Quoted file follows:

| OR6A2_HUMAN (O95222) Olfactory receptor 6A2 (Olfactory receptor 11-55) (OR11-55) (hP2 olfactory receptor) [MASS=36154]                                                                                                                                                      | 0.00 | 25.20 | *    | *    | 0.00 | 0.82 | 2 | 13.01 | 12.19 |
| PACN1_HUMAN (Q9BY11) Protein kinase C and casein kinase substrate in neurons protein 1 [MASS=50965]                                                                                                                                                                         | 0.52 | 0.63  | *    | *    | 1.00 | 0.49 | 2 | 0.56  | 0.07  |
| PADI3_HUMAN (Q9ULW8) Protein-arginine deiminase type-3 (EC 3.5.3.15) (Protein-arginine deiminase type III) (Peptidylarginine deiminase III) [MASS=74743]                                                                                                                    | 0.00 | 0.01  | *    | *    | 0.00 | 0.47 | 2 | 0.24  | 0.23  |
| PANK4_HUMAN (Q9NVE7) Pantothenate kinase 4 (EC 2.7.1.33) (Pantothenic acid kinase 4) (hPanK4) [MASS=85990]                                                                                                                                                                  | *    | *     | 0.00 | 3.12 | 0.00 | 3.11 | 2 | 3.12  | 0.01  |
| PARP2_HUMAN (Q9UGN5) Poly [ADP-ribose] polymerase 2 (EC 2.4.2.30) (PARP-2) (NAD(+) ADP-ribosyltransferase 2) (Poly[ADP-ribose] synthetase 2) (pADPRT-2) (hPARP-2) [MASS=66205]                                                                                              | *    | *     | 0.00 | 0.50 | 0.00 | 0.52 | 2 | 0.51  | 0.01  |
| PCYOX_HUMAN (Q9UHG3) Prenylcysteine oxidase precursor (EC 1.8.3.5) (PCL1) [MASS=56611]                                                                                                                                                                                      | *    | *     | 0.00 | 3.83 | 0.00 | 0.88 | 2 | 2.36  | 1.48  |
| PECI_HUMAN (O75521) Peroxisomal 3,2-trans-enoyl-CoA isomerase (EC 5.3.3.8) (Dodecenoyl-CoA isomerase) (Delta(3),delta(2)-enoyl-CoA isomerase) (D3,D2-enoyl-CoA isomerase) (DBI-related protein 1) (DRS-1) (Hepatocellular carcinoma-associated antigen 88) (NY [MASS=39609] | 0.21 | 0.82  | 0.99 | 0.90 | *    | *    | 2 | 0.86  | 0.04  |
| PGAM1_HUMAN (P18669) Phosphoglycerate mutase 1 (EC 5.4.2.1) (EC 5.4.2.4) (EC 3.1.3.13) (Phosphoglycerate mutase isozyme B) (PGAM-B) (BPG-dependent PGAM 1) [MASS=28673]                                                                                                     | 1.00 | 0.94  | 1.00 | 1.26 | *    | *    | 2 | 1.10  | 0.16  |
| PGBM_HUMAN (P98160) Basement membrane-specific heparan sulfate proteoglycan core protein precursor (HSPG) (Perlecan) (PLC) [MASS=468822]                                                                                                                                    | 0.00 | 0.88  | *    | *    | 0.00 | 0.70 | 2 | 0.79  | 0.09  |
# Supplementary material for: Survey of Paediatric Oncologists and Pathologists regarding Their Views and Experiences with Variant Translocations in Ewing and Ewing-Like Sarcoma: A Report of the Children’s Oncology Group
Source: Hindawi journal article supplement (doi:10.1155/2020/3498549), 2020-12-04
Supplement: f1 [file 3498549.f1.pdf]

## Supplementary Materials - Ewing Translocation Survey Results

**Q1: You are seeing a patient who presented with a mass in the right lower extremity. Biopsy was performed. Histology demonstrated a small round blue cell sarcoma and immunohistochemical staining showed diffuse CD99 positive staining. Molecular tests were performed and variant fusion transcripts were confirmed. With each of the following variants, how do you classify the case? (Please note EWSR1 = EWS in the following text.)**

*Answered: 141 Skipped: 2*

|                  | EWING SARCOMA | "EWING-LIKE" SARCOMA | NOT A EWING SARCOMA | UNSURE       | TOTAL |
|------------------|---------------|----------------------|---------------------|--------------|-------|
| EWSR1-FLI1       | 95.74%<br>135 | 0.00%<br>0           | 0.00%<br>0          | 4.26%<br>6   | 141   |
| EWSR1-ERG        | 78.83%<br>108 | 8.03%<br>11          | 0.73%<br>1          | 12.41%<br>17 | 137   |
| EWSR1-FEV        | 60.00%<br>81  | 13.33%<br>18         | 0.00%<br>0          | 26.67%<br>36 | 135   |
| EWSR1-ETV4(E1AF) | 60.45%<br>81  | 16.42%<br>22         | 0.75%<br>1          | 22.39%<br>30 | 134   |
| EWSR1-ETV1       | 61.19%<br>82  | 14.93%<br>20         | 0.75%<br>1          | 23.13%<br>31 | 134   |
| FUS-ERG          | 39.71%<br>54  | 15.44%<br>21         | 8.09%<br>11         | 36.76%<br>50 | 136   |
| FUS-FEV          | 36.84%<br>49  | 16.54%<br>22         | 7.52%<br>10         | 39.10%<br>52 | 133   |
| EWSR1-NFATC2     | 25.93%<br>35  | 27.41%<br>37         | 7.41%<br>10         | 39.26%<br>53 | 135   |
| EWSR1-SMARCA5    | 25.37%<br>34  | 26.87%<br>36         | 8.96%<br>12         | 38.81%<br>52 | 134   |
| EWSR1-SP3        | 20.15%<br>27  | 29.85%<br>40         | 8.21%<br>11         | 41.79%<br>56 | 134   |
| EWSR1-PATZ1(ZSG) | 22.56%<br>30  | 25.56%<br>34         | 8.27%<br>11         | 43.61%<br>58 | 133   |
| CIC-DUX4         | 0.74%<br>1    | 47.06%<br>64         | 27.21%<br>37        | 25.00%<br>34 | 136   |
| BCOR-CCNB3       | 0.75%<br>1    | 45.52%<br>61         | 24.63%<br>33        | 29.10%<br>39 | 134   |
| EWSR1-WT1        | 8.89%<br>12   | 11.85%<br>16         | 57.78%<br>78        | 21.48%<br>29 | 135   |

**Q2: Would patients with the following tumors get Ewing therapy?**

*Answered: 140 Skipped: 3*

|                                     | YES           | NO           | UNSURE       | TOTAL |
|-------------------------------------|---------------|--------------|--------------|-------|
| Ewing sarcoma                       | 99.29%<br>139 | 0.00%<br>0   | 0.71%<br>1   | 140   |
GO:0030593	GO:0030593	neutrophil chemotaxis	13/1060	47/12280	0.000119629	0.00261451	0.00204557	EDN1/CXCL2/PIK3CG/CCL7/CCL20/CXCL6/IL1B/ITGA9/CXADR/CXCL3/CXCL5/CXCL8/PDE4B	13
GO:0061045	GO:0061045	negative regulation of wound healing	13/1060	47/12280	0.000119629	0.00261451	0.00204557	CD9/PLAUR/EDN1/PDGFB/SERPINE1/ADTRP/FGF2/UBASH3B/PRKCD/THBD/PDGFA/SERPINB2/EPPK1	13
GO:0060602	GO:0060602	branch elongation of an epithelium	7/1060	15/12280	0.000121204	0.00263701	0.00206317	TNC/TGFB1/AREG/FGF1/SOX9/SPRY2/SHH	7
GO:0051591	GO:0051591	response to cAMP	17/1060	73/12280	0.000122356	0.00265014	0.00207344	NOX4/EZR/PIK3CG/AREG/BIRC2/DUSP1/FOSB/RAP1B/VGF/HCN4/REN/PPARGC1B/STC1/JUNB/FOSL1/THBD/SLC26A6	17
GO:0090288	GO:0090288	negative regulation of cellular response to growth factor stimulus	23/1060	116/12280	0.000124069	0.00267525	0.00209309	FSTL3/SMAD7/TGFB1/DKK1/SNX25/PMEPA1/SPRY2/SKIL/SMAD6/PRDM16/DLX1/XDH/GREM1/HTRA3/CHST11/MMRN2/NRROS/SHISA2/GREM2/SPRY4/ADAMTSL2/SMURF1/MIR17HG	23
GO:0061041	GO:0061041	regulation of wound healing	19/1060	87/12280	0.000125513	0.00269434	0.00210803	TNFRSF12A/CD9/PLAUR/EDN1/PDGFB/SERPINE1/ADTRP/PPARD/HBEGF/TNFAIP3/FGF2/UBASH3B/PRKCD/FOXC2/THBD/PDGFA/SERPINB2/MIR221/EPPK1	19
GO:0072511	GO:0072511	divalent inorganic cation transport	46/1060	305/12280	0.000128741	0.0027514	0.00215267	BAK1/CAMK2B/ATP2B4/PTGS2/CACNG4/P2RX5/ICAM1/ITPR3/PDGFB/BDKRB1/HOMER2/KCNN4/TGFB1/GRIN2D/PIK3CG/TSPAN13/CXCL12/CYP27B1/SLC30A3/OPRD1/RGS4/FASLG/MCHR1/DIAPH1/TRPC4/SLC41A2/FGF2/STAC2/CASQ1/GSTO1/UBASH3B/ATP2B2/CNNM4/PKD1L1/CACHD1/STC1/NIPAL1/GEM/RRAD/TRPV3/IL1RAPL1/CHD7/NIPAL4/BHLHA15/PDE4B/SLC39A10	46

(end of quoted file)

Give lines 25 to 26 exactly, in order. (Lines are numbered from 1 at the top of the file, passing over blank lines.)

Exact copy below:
| EWSR1-NFATC2     | 25.93%<br>35  | 27.41%<br>37         | 7.41%<br>10         | 39.26%<br>53 | 135   |
| EWSR1-SMARCA5    | 25.37%<br>34  | 26.87%<br>36         | 8.96%<br>12         | 38.81%<br>52 | 134   |